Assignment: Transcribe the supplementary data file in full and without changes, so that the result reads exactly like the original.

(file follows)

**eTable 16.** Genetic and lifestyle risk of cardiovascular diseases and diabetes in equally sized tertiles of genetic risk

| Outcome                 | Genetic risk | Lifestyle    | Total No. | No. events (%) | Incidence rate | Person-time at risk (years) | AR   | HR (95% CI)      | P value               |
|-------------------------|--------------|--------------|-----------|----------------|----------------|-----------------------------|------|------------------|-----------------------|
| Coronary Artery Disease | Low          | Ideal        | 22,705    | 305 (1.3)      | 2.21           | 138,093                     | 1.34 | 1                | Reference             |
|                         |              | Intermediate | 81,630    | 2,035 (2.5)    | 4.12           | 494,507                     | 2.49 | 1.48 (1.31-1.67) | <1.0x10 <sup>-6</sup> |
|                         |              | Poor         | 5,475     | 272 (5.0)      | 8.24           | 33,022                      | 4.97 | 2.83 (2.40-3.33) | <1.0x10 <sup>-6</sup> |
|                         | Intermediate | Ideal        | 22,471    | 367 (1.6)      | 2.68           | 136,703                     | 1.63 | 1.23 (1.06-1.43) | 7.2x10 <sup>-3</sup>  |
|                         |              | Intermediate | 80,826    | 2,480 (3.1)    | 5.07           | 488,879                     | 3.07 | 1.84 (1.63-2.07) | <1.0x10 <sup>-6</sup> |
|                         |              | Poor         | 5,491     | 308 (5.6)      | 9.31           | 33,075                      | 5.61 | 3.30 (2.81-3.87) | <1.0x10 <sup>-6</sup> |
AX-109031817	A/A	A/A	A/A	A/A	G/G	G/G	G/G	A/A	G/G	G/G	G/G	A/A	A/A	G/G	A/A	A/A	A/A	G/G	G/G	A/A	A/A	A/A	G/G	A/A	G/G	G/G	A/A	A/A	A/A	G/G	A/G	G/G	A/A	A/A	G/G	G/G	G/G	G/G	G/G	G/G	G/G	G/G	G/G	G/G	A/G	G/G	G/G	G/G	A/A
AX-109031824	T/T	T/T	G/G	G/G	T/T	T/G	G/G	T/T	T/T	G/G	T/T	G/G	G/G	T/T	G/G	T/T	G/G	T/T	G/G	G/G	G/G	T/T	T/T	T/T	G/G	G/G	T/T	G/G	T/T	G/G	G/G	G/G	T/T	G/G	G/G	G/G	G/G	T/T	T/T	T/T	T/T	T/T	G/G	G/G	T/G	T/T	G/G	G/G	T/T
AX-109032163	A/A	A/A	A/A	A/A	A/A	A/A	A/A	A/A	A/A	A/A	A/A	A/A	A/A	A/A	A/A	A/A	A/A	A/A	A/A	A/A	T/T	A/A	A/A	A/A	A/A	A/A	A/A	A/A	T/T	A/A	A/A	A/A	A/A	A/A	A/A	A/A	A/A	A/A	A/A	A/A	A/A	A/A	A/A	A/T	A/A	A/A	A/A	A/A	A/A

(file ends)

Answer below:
**eTable 16.** Genetic and lifestyle risk of cardiovascular diseases and diabetes in equally sized tertiles of genetic risk

| Outcome                 | Genetic risk | Lifestyle    | Total No. | No. events (%) | Incidence rate | Person-time at risk (years) | AR   | HR (95% CI)      | P value               |
|-------------------------|--------------|--------------|-----------|----------------|----------------|-----------------------------|------|------------------|-----------------------|
| Coronary Artery Disease | Low          | Ideal        | 22,705    | 305 (1.3)      | 2.21           | 138,093                     | 1.34 | 1                | Reference             |
|                         |              | Intermediate | 81,630    | 2,035 (2.5)    | 4.12           | 494,507                     | 2.49 | 1.48 (1.31-1.67) | <1.0x10 <sup>-6</sup> |
|                         |              | Poor         | 5,475     | 272 (5.0)      | 8.24           | 33,022                      | 4.97 | 2.83 (2.40-3.33) | <1.0x10 <sup>-6</sup> |
|                         | Intermediate | Ideal        | 22,471    | 367 (1.6)      | 2.68           | 136,703                     | 1.63 | 1.23 (1.06-1.43) | 7.2x10 <sup>-3</sup>  |
|                         |              | Intermediate | 80,826    | 2,480 (3.1)    | 5.07           | 488,879                     | 3.07 | 1.84 (1.63-2.07) | <1.0x10 <sup>-6</sup> |
|                         |              | Poor         | 5,491     | 308 (5.6)      | 9.31           | 33,075                      | 5.61 | 3.30 (2.81-3.87) | <1.0x10 <sup>-6</sup> |
AX-109031817	A/A	A/A	A/A	A/A	G/G	G/G	G/G	A/A	G/G	G/G	G/G	A/A	A/A	G/G	A/A	A/A	A/A	G/G	G/G	A/A	A/A	A/A	G/G	A/A	G/G	G/G	A/A	A/A	A/A	G/G	A/G	G/G	A/A	A/A	G/G	G/G	G/G	G/G	G/G	G/G	G/G	G/G	G/G	G/G	A/G	G/G	G/G	G/G	A/A
AX-109031824	T/T	T/T	G/G	G/G	T/T	T/G	G/G	T/T	T/T	G/G	T/T	G/G	G/G	T/T	G/G	T/T	G/G	T/T	G/G	G/G	G/G	T/T	T/T	T/T	G/G	G/G	T/T	G/G	T/T	G/G	G/G	G/G	T/T	G/G	G/G	G/G	G/G	T/T	T/T	T/T	T/T	T/T	G/G	G/G	T/G	T/T	G/G	G/G	T/T
AX-109032163	A/A	A/A	A/A	A/A	A/A	A/A	A/A	A/A	A/A	A/A	A/A	A/A	A/A	A/A	A/A	A/A	A/A	A/A	A/A	A/A	T/T	A/A	A/A	A/A	A/A	A/A	A/A	A/A	T/T	A/A	A/A	A/A	A/A	A/A	A/A	A/A	A/A	A/A	A/A	A/A	A/A	A/A	A/A	A/T	A/A	A/A	A/A	A/A	A/A